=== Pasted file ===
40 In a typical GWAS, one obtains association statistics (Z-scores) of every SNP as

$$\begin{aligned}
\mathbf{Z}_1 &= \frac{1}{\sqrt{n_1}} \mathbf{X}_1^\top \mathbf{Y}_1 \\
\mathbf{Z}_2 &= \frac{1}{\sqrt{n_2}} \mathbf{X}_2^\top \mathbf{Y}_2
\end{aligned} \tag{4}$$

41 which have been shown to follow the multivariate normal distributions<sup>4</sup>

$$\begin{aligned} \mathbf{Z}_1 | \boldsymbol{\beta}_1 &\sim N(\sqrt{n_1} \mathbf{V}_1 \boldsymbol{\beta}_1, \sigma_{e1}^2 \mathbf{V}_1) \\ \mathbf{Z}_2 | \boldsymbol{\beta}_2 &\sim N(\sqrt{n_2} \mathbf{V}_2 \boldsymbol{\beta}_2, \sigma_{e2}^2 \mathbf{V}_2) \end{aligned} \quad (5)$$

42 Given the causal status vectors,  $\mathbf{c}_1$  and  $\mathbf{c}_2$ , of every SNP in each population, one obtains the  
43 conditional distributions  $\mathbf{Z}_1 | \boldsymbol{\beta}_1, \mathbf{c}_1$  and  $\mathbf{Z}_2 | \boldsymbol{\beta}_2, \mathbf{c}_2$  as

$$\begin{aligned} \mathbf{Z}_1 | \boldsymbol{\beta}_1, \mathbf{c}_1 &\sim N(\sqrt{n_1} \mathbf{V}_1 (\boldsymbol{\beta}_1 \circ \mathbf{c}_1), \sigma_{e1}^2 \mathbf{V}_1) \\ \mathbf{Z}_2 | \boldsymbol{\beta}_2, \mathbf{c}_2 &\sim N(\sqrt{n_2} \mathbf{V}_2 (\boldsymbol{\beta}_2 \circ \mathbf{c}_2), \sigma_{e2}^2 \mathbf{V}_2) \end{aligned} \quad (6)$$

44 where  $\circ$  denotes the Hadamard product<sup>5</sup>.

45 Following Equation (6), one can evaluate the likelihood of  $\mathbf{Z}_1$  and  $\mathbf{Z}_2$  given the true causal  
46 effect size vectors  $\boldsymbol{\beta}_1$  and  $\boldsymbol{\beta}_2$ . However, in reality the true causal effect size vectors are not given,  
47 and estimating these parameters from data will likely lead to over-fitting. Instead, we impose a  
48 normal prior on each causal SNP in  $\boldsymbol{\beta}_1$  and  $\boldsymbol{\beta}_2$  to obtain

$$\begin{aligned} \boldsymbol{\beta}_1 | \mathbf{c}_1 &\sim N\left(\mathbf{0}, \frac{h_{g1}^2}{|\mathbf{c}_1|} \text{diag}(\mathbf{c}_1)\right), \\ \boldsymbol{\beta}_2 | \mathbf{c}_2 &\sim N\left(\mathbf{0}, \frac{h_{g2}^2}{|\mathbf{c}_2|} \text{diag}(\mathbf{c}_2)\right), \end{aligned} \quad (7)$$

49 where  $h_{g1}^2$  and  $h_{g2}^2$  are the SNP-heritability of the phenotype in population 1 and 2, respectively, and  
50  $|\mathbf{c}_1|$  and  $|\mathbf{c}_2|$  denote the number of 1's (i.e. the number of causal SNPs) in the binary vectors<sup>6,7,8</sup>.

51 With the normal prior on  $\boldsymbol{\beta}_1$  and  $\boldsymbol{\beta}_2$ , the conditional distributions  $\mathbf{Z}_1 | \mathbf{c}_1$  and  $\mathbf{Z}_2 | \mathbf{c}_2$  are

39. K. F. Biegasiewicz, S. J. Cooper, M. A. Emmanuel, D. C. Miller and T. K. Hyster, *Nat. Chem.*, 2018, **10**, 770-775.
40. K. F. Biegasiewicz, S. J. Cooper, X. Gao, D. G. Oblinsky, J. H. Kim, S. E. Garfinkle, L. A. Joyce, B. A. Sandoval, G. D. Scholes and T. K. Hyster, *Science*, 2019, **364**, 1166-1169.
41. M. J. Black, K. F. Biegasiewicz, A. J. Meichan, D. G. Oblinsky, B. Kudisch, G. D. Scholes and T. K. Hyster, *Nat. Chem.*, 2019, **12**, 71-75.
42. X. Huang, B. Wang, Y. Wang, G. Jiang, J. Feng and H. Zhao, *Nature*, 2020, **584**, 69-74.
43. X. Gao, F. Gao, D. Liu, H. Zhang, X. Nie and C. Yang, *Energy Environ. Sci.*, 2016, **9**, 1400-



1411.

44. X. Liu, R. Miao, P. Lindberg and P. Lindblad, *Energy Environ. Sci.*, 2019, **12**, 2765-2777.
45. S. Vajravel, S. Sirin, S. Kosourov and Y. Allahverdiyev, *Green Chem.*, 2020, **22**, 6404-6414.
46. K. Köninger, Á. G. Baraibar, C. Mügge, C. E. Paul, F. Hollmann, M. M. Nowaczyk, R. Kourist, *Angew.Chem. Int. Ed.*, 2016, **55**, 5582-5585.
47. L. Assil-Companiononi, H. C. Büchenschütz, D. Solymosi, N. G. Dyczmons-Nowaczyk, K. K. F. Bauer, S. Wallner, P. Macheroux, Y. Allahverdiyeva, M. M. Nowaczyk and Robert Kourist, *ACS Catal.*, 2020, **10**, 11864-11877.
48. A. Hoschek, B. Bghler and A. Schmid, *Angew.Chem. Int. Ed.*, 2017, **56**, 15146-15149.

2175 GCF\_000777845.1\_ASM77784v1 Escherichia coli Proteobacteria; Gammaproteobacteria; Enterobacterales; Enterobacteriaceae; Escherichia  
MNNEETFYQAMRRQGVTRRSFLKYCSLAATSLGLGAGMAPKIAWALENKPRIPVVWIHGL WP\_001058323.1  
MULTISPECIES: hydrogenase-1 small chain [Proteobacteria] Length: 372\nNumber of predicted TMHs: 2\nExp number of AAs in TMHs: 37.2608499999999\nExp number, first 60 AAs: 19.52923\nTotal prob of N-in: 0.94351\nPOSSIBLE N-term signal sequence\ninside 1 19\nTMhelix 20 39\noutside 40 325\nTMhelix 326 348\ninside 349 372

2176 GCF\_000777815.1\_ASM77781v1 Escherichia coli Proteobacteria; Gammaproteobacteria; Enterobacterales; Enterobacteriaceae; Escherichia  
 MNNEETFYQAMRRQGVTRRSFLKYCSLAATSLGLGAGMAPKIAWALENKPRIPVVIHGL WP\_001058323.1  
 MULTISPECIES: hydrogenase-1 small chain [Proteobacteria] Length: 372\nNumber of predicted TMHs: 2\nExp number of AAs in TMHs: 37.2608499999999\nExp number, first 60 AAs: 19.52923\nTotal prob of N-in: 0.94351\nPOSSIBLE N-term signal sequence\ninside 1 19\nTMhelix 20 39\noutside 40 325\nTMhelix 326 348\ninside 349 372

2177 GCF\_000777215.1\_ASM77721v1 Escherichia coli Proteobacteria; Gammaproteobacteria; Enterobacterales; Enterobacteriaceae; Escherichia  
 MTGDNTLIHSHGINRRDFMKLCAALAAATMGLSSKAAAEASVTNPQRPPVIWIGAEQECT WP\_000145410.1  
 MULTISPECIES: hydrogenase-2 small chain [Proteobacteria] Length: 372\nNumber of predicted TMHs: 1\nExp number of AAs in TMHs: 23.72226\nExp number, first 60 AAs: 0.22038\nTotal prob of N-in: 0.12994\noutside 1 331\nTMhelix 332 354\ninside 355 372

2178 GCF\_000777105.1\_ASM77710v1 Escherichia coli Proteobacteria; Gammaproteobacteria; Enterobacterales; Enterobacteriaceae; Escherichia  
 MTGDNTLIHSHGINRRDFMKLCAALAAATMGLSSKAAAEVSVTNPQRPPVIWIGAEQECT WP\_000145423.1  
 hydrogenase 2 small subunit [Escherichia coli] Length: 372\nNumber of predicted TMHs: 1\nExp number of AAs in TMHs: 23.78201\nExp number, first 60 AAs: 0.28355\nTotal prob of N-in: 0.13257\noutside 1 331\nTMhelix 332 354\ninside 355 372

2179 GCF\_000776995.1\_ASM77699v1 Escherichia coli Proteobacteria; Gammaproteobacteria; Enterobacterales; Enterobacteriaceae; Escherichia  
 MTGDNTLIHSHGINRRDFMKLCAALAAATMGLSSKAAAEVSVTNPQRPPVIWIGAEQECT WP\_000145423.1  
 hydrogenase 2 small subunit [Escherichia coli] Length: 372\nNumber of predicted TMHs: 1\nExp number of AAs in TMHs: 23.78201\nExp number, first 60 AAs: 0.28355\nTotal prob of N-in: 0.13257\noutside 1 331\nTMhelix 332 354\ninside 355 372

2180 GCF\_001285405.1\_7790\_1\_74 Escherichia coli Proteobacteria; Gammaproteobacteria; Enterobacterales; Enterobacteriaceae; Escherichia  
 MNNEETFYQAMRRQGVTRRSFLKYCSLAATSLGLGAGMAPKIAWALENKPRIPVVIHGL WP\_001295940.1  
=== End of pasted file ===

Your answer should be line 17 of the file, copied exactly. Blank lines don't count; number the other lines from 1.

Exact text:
49 where  $h_{g1}^2$  and  $h_{g2}^2$  are the SNP-heritability of the phenotype in population 1 and 2, respectively, and  